Let There Be Light… In Lebanon… With Israeli Natural Gas

The threats from Lebanon are becoming more and more intense. But Israel doesn’t care. Why? “Lebanon’s electricity is largely produced from Israeli gas.”

By Aviel Schneider | | Topics: Lebanon
The Beirut skyline at night. Without Israeli natural gas, there'd be no electricity or light at all. Photo: Shutterstock

Lebanon is suffering from an energy crisis, which has recently been exacerbated by a spike in energy prices. Electricity supply in Lebanon is limited to two-to-four hours a day. Electricity is generated from heating oil and diesel, the prices of which have been skyrocketing for months as a result of the Russo-Ukrainian war.

“Lebanon suffers from severe electricity shortages and therefore imports electricity from Jordan, which in turn is about 80% generated from Israeli natural gas. You can say the light in the house of Hezbollah chief Hassan Nasrallah burns with Israeli natural gas,” said Dr. Amit Moore, CEO of Eco Energy and a senior lecturer at the Reichman University in Herzliya.

Moore emphasized this fact after Nasrallah repeatedly threatened that he would never allow an Israeli rig over the Karish gas field. The Lebanese claim the Karish gas field is in their territorial waters, and therefore the resource belongs to Lebanon and not to the “Israeli enemy.”

Lebanon gets Jordanian electricity, 80% of which is generated from Israeli gas. Photo: Flash90

But even if the threats from Lebanon have escalated in recent weeks, Israel doesn’t seem too concerned. Israeli politicians and gas market pundits believe the Lebanese threats are more political banter by the interim government in Beirut, and will only hasten the two-year negotiations between the two sides. “The current threats by leading politicians in Lebanon and by Nasrallah are only being made out of political calculation,” explained Dr. Moore. “Eventually everything will work itself out.”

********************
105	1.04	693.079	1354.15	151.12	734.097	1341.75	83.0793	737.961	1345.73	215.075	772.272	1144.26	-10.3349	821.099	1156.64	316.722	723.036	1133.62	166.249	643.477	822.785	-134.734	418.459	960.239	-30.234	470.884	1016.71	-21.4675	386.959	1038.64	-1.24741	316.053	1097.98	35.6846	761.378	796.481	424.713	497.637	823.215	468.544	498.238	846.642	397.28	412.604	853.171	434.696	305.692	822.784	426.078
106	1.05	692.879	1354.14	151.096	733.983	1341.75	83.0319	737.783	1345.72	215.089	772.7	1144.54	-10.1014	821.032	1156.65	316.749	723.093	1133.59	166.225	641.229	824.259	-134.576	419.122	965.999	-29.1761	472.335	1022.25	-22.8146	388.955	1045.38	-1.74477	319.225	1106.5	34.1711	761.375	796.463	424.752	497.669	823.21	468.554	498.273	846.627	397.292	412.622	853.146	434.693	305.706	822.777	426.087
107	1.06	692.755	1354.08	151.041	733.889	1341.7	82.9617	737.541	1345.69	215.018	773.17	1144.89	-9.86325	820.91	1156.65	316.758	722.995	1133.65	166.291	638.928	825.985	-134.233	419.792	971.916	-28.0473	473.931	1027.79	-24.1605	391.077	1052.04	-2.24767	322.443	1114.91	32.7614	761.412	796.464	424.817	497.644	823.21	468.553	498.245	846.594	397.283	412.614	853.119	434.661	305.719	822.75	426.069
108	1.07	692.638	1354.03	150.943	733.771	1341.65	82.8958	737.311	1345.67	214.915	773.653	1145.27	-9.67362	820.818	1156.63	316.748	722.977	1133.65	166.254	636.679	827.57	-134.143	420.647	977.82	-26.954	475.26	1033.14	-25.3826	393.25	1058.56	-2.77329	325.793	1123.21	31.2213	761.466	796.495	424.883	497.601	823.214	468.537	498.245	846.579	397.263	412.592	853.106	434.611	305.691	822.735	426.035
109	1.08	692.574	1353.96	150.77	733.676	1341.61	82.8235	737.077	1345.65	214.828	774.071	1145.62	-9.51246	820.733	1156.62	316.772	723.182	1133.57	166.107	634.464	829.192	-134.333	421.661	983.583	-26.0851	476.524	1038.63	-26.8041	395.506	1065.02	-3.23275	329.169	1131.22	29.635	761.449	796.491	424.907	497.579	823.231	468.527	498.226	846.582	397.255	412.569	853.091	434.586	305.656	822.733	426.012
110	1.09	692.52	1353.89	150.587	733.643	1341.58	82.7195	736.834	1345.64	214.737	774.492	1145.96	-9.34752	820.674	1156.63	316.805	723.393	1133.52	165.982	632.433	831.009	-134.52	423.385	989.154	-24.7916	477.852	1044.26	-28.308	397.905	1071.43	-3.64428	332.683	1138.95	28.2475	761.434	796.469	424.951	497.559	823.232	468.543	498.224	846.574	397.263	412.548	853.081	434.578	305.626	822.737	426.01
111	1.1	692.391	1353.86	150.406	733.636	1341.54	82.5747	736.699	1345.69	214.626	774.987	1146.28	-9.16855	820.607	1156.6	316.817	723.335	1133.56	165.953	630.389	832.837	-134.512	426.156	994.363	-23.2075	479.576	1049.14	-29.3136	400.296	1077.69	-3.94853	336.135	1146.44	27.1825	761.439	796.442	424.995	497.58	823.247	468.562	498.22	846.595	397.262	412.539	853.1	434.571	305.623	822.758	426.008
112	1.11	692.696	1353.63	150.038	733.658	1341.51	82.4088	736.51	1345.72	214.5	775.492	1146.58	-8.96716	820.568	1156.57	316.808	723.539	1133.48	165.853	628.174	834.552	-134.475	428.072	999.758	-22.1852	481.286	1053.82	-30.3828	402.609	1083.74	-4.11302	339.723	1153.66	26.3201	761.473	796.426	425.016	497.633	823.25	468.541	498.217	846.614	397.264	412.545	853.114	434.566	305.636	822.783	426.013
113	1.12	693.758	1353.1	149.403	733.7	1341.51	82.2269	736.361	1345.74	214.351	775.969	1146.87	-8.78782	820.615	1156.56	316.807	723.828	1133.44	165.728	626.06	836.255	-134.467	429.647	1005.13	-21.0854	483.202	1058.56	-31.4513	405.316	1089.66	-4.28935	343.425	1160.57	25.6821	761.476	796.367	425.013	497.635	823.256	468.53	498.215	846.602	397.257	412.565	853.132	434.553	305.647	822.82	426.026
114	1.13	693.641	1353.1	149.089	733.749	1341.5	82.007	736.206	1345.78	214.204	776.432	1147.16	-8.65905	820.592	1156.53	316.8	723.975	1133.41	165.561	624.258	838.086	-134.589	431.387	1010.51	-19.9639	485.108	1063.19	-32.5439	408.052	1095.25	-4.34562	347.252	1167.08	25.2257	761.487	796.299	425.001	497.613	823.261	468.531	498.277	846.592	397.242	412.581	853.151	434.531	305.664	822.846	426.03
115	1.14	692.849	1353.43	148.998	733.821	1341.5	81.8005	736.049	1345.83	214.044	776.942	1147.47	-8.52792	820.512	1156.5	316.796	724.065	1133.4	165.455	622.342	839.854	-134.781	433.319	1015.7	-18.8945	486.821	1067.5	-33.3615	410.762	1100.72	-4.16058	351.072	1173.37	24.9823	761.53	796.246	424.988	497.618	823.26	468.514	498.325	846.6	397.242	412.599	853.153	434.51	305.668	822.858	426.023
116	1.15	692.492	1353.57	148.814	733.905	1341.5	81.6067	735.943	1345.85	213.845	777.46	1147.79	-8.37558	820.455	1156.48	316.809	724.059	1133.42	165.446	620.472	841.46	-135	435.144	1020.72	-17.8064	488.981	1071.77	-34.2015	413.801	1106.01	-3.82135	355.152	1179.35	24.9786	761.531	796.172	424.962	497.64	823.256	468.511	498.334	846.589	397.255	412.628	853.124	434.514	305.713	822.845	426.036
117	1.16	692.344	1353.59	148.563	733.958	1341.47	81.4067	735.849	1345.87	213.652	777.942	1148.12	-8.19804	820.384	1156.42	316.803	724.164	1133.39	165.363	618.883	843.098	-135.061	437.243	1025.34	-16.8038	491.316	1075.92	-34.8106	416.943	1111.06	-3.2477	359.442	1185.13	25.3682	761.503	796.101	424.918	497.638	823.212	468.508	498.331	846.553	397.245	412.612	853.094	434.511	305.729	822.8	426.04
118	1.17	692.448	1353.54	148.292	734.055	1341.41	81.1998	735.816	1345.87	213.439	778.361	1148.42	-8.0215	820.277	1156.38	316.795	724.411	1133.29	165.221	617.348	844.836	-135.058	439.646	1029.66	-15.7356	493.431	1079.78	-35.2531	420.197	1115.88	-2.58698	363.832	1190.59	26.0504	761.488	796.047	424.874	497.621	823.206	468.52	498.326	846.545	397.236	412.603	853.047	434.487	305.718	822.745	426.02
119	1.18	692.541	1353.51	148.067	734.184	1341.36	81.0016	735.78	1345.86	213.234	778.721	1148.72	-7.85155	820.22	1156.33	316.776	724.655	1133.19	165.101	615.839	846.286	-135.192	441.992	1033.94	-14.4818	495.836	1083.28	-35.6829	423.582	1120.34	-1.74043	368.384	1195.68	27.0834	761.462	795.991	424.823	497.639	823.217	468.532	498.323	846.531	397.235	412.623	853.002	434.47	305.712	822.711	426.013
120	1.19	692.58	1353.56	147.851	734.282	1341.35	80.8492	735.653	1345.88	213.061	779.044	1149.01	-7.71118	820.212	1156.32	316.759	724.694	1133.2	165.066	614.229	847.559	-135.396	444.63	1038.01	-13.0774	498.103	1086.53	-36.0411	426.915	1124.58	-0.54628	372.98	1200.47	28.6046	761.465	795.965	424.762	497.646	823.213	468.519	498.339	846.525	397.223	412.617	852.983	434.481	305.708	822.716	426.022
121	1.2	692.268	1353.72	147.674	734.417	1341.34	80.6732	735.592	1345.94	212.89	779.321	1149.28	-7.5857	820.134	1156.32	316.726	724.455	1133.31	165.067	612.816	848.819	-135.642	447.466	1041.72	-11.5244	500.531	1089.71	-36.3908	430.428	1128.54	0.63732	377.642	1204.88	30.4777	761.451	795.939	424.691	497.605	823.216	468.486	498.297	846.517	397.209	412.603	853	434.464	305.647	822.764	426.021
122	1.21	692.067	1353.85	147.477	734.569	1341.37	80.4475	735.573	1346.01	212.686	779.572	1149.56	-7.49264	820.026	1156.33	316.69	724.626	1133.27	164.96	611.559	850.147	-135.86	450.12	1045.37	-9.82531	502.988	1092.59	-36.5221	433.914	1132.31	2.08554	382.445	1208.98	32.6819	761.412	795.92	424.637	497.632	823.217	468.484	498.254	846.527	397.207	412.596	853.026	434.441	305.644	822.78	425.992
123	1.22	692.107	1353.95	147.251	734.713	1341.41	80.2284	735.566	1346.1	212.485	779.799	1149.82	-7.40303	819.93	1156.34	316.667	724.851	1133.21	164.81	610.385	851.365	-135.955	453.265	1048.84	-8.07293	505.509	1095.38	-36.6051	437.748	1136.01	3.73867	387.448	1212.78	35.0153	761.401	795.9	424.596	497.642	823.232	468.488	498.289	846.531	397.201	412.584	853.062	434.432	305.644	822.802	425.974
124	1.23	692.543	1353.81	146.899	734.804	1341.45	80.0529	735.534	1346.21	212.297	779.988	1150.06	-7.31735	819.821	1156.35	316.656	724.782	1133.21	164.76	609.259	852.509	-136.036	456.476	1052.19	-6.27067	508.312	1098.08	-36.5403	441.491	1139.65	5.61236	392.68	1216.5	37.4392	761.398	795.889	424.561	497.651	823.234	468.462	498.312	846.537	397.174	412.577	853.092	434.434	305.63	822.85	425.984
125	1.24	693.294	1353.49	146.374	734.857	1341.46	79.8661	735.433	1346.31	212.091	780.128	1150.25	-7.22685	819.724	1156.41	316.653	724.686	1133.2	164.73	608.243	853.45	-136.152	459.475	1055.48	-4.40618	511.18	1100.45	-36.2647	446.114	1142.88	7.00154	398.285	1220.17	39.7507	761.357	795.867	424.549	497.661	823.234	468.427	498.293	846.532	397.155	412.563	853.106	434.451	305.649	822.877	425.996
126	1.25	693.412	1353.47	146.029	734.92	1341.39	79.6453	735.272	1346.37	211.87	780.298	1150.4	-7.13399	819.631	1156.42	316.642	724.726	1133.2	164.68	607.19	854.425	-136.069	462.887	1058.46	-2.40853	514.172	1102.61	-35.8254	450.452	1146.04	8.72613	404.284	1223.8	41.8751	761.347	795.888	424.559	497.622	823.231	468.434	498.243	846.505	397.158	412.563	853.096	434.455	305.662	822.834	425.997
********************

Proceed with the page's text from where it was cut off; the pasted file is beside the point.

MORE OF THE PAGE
The disputed Karish (Hai) gas field is entirely within Israeli territorial waters and lies in the sea south of the Lebanese border. For more than two years, Israel and Lebanon have been negotiating the gas field with American mediation. Geologists believe this is an area with high potential for natural gas discoveries. Because this is a disputed area, no further gas and oil exploration is currently taking place there. “If the maritime border dispute between the two countries is not resolved, Lebanon has much to lose, primarily by delaying gas exploration in Blocks 8 and 9 in its territorial waters, where geological surveys indicate large natural gas reserves are possible,” said Moore. “Political claims are nice, but economic reality is more necessary.”

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